My Winter Veil present finally got here! Thanks to Typhoon Andrew for a thoughtful and imaginative post. I love this stuff!
Hey there Jen,
You do regularly one of the things as a blogger that I find hardest, which is to place personality into the commentary which makes the content relevant to the character; rather than just the wow player. Tis one of the key reasons I’m enjoying Escapist Scrawl. I mainly write about numbers and ah-shit moments.
With that in mind, I thought I’d try to write something from a character’s perspective and see how it goes – An alt character’s first steps in Pandaria via a postcard home.
As background – Raze is probably somewhat of a cliche in the WoW universe, as I think of her as a Warrior who is wandering through lands opportunistically, rather than questing for the greater good. The rewards of adventure drive her, not the achievements of an army or raw gold.
Somehow unscarred by her adventures, she travels on…
The First Days – Pandaria is a wild but not overtly dangerous place to travel. I’d been warned by a former commander who visited before me that the journey itself is likely as hazardous as the environment itself and I think he was right as that flying deathtrap gunship is worryingly unstable. The journey was overnight and I heard the gnome chief engineer say “oh shit” at least twice, and one time he sprinted to the hangars after a god awful clang sound.
Upon arrival in Pandaria I was incredibly overwhelmed by the stunning beauty. The shores of the Night Elf lands were wonderful before the cataclysm, but this place is basically untouched and pristine all round. It’s like its a tiny Un’goro Crater just waiting for discovery. Well except for all the Mogu and Pandaren and others who live here. Wink.
My first advice would be to stay with the roads, and tip the Pandaren with plenty of ale. One young bear (don’t call them that by the way, snigger) took a liking to me and started showing me all around his village. It was modest in size and like most Pandaren sites is based around an Inn, an alcohol distribution system, and small amounts of farming. I think the Dwarves in Loch Modan could get competition for the most sloshed but still functional sub-species as these guys drink all the time.
Visit a site, drink, find a nice tree, drink, look at an old stone marker….drink.
Once I left that village I did get into a mix of trouble with some local Mogu and some of the native wildlife, and yes a few scratches here and there. Quick tip, if you happen to get into a snaffle of trouble with a Mogu and they start blubbering and chanting, just sidestep them. Something in the “great and powerful” magic they use does not go in anything except straight lines. Good times.
The first real moment of amazement was seeing the massive jade statue being erected by the jade artisans. Holy crap that is dedication to a cause, and such perfect workmanship – it is almost alive. They’re finishing soon, so I’ll come back here in a week or two to see the final unveiling.
The lead engineer couldn’t talk at all but one of the junior team said they’ve been working on this thing for years and its all to act as the final resting place for a powerful dragon. My skin pricked at that. After Deathwing’s jaunt through home I’m not keen to meet a new dragon any time soon. Perhaps it’s best this one is going to pass peacefully away without hurting anyone.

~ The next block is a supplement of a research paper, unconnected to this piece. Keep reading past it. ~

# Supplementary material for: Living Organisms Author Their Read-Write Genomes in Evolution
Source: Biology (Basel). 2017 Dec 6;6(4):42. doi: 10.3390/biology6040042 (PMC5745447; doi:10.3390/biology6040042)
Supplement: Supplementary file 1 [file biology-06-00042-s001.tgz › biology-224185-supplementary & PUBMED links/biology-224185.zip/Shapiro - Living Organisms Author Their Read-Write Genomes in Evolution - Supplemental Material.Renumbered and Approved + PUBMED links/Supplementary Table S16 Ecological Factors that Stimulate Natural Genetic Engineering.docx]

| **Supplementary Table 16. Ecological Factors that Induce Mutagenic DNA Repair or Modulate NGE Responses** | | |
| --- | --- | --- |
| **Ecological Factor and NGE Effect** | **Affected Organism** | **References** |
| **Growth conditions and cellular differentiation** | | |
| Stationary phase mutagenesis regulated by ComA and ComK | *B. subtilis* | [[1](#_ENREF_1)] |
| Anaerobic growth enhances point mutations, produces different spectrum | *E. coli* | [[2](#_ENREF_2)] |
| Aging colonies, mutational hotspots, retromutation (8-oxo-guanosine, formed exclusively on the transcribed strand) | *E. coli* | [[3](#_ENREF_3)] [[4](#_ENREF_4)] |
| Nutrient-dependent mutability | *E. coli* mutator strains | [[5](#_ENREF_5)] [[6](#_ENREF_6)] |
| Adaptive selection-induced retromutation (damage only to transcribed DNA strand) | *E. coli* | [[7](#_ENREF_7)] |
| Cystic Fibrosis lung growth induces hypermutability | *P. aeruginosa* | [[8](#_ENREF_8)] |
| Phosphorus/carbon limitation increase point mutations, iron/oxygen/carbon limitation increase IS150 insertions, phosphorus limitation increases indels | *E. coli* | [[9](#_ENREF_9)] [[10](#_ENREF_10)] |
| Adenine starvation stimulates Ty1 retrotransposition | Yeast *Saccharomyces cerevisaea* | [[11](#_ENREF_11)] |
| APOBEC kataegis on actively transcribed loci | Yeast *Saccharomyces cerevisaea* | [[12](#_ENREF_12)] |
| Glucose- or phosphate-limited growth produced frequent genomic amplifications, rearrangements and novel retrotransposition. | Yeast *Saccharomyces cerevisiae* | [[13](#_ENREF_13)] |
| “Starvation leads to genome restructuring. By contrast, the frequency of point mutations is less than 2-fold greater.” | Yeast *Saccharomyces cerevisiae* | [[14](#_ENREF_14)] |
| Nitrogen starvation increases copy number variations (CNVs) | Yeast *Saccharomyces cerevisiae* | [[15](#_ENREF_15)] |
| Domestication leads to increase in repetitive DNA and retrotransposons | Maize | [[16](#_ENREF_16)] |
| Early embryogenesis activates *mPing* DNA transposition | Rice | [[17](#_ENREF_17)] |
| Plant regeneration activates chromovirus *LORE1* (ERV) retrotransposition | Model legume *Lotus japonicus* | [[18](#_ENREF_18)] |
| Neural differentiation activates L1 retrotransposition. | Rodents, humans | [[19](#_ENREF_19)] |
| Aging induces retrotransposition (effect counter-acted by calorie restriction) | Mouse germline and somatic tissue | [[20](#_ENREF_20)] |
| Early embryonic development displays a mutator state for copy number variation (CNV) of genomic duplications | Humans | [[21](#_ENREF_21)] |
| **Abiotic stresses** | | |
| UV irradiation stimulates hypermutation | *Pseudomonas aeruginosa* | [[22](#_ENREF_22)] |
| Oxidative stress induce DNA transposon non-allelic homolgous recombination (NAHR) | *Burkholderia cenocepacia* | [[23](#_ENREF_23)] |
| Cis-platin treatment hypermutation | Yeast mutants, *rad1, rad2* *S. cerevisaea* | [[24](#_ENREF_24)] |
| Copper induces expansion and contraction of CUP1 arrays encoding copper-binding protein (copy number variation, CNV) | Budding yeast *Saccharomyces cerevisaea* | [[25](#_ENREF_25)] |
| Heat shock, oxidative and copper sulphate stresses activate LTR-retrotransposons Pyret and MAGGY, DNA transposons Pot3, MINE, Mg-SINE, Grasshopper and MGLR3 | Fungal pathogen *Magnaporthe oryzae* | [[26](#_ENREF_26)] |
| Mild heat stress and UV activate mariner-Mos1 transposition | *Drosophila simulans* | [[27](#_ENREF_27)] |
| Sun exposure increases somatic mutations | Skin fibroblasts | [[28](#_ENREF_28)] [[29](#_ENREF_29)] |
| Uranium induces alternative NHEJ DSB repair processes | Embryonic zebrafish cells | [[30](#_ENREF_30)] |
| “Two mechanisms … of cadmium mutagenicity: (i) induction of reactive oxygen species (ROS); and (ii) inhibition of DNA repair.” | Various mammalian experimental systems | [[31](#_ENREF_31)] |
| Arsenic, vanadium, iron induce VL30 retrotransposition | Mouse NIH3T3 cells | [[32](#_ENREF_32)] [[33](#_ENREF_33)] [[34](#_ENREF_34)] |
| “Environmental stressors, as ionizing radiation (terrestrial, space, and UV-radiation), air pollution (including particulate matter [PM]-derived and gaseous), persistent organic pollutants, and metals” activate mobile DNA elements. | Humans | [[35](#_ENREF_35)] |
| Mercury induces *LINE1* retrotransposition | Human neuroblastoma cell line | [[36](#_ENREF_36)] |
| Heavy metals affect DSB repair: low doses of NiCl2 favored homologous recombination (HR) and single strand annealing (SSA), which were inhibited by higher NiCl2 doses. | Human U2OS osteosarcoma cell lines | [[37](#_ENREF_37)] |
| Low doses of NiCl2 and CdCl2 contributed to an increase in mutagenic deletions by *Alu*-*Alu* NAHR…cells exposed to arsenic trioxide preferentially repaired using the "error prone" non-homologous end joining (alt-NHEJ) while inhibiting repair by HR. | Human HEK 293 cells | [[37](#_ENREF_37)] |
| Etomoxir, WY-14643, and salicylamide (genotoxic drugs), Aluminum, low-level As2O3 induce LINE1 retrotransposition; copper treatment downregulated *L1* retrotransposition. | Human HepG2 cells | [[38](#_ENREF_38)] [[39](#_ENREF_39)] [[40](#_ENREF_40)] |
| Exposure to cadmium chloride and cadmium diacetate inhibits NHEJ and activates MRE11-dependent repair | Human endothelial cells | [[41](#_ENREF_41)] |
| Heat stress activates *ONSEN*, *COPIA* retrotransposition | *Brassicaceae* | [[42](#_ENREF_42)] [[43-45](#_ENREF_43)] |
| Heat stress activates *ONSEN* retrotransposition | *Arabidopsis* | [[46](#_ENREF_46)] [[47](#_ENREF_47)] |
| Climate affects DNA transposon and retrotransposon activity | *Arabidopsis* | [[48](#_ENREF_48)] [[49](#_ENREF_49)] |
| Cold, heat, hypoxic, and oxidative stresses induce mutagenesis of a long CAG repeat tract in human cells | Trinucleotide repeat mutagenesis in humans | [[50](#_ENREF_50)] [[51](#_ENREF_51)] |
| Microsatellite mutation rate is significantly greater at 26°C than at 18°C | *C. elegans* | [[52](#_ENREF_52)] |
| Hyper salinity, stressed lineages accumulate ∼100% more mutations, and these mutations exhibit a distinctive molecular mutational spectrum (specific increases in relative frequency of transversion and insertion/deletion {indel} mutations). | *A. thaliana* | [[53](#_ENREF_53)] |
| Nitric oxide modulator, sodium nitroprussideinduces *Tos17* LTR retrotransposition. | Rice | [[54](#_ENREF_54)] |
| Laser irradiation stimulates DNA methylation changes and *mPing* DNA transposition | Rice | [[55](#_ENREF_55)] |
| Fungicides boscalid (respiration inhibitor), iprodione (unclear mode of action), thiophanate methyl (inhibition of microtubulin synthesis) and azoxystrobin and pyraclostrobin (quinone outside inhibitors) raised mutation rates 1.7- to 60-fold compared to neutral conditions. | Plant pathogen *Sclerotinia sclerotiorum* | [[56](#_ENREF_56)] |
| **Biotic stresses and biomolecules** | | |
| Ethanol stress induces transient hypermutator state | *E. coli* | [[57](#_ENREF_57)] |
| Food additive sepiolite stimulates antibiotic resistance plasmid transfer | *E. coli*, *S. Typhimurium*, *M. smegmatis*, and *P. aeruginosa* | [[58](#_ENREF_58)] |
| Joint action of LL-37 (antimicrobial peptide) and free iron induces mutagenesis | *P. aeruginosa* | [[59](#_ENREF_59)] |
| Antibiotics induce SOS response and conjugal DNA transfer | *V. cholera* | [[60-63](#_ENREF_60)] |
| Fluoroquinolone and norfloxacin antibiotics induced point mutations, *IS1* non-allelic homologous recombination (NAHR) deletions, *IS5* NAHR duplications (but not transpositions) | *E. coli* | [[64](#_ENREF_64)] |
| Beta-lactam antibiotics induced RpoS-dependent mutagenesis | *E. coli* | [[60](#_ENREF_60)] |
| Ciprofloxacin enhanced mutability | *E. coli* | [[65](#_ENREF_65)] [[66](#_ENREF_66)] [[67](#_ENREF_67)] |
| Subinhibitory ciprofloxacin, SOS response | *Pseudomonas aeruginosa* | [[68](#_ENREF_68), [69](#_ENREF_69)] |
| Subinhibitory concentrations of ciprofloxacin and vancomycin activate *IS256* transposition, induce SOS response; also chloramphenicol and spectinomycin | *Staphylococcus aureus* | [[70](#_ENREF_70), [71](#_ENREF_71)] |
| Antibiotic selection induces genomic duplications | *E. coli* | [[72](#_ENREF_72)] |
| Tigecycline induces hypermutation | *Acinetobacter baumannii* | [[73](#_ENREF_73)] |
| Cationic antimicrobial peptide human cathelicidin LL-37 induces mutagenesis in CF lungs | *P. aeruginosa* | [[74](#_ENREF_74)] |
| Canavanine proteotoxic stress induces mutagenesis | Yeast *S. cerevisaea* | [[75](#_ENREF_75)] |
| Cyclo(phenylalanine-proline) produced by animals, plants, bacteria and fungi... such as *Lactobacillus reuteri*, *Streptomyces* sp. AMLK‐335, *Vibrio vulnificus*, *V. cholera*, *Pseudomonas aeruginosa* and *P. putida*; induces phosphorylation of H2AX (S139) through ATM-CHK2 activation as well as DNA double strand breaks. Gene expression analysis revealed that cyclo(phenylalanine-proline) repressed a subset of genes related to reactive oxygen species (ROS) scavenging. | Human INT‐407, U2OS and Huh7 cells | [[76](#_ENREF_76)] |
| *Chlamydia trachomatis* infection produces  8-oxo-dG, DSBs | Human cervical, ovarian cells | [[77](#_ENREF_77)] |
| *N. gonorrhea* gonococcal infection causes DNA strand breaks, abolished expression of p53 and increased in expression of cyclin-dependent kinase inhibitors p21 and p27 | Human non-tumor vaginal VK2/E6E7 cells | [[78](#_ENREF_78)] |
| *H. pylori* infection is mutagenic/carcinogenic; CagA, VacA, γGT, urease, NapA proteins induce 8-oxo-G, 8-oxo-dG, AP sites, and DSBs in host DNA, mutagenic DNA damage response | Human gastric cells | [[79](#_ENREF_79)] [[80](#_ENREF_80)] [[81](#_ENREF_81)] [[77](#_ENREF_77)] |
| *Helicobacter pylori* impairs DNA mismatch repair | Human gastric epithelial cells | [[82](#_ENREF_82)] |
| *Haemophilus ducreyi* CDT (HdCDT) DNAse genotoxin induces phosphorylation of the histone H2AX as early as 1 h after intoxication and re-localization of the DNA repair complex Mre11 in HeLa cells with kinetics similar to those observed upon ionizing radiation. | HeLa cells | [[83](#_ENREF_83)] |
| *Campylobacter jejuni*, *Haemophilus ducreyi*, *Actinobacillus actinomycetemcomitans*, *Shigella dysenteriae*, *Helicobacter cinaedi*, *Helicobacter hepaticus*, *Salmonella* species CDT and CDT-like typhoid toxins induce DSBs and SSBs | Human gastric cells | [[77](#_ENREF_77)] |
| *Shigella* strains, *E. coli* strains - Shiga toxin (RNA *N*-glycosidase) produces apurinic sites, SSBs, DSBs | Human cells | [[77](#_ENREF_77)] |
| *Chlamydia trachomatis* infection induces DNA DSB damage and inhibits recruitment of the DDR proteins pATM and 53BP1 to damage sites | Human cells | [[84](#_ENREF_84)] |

I’ve also found that the land is overtly rich in resources. My old interest in minerals and plants has me veering off on tangents all the time. Ride a half mile here and if you have any interest gathering up stuff you’re going to be busy. I’ve been pocketing the odd junk and the silver from the Mogu slapheads to keep traveling, and you can tell Yierah that he should expect a few crates of materials to arrive eventually. No idea when, as the postmaster I spoke to was drunk at the time, and I think he thought I was a “shaved hozen”… whatever the heck that is. He was polite though and grinned a lot.
I have to stop writing, as the card we’re in is approaching a crossroads and I think there is some trouble ahead. More Mogu troublemakers by the look.
Hi again. Another vista that I had to share. The image does not impart the true depth in the landscape. The mist covers much of the low lands when you’re standing within in, and from up here it forms a blanket hiding all the small turns and details. It gives the land that untouched and peaceful feel.
Standing on the edge of the cliff almost felt like we were meant to fly here.
Just around the corner from here was a set of small ruins (you can’t go far here without finding some) and these ones were still actively haunted by spirits. None of the “beware the old man’s haunted house” stuff, this place had actual ghostly apparitions floating smoothly across the stone blocks. It was fantastic. Old Swizzlewrench in Gnomertown would say he could do similar with a set of wires and some patient nightelves, but he’d be lucky at best. The screeching wail was a bit hard to take, but if you kept distant its not too bad.
I ended up clearing some of the ghosts and the enchanters who were manipulating them, and then had a poke around in detail. I laughed a small bit of graffiti that somebody had scratched into the base of the Mogu monument: Not Actual Size. I think the mogu would really hate that, and given how much of the architecture is devoted to telling people how wonderful and perfect and strong the Mogu are – that’s awesome.